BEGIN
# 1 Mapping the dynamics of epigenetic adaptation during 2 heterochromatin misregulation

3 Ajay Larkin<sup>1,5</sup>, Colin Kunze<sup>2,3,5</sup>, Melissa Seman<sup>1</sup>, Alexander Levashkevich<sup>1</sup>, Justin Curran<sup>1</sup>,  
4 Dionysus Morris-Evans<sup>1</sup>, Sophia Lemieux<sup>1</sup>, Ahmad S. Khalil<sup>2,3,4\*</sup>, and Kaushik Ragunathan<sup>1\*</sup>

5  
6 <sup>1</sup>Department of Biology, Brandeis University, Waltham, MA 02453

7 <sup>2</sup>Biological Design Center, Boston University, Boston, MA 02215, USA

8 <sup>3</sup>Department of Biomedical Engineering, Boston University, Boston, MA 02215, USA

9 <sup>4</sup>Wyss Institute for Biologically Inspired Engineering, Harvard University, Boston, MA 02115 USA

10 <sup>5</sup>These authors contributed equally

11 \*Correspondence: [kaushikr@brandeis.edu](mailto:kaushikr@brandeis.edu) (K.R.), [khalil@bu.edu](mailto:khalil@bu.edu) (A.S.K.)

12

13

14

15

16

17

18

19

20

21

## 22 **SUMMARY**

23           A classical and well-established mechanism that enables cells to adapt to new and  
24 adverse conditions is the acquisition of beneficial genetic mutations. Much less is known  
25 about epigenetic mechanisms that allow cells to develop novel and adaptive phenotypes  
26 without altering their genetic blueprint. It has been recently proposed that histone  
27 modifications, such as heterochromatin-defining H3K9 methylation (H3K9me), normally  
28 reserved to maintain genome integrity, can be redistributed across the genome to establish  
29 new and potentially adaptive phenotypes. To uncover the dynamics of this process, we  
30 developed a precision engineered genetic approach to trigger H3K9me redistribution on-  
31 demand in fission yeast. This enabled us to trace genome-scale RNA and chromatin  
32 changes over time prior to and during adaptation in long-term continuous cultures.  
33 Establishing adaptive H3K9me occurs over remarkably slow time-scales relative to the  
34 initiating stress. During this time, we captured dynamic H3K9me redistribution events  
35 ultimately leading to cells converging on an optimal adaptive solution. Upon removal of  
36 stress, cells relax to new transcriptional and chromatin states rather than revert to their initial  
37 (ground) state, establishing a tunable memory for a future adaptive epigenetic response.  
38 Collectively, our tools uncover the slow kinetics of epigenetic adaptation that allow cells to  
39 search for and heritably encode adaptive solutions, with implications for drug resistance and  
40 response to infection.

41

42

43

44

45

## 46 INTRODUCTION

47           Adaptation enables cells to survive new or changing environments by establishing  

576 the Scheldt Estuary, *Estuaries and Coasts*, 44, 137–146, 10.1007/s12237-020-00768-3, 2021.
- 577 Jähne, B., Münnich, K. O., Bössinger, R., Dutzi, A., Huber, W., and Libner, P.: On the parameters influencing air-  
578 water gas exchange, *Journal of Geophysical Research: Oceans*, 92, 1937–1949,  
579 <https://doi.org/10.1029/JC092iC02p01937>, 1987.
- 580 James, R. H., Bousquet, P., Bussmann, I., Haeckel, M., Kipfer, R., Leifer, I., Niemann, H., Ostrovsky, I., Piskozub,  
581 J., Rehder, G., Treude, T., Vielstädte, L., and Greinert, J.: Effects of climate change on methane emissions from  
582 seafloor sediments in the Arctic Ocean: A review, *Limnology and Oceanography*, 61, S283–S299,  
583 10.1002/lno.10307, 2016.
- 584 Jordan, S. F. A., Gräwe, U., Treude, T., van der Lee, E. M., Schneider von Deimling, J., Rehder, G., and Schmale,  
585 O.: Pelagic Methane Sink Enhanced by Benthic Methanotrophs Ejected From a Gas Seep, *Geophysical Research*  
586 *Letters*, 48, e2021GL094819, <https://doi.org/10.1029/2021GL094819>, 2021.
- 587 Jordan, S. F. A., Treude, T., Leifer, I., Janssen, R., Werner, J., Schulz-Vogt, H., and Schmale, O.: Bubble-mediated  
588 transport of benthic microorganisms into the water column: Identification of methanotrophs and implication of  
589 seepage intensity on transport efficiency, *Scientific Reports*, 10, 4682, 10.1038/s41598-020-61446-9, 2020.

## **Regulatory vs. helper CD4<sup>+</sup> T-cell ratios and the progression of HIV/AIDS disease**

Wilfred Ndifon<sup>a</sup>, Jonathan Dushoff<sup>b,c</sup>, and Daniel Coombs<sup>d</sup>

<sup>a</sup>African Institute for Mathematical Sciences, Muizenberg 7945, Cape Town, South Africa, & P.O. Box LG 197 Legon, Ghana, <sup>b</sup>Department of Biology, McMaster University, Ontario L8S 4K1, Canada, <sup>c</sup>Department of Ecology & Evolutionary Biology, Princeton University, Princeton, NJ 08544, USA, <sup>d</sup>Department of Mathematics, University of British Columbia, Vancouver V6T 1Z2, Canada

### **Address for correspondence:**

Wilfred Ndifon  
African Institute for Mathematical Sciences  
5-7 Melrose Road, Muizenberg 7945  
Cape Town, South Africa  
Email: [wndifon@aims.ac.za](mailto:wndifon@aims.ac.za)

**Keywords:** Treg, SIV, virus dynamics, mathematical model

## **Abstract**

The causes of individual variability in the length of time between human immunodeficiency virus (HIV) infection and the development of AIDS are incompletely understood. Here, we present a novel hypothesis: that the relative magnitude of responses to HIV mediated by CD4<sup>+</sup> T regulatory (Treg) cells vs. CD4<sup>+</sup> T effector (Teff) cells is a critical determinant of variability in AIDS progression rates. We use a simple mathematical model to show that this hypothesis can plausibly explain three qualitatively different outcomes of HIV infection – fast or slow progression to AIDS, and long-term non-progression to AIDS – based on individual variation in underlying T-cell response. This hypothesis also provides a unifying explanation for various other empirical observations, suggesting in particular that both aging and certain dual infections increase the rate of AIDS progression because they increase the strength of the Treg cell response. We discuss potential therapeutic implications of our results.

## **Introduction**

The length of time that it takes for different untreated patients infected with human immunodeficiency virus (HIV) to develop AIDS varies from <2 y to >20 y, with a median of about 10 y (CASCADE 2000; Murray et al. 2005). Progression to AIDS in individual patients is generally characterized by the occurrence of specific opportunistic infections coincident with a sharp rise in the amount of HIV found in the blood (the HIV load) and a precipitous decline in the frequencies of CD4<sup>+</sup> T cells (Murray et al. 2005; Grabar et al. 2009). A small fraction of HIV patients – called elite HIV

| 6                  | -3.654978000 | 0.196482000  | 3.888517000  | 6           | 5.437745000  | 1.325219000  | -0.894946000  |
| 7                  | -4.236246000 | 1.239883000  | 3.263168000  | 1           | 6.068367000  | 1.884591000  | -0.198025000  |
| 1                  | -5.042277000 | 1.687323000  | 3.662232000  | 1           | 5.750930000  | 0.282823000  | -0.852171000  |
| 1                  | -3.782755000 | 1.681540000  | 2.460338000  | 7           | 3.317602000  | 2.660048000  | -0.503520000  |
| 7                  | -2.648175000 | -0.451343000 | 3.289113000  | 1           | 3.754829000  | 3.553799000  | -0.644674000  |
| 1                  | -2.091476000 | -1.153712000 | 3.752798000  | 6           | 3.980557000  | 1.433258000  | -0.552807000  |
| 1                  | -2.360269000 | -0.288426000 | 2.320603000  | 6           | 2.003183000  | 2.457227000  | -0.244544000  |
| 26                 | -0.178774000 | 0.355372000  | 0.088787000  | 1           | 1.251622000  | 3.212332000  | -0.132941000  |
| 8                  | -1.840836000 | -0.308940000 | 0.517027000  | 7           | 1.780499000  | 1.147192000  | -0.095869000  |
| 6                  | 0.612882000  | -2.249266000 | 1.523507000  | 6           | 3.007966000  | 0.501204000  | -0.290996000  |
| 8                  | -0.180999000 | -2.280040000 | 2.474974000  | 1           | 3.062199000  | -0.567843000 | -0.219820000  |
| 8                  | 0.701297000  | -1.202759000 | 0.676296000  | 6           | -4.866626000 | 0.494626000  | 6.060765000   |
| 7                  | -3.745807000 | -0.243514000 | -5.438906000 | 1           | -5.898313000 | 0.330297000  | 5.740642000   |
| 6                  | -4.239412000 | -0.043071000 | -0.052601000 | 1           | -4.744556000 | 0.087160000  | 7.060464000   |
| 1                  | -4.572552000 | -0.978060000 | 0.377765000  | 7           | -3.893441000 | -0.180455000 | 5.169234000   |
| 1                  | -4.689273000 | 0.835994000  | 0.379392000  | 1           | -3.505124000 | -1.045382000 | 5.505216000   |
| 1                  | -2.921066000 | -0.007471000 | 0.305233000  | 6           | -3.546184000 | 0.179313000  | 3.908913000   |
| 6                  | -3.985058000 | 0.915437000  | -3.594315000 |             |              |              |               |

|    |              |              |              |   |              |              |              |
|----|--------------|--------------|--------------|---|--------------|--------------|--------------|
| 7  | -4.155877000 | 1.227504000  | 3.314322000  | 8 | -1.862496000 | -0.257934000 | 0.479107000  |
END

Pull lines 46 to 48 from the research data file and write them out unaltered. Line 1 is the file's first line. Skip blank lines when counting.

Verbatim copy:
47           Adaptation enables cells to survive new or changing environments by establishing  

576 the Scheldt Estuary, *Estuaries and Coasts*, 44, 137–146, 10.1007/s12237-020-00768-3, 2021.
- 577 Jähne, B., Münnich, K. O., Bössinger, R., Dutzi, A., Huber, W., and Libner, P.: On the parameters influencing air-  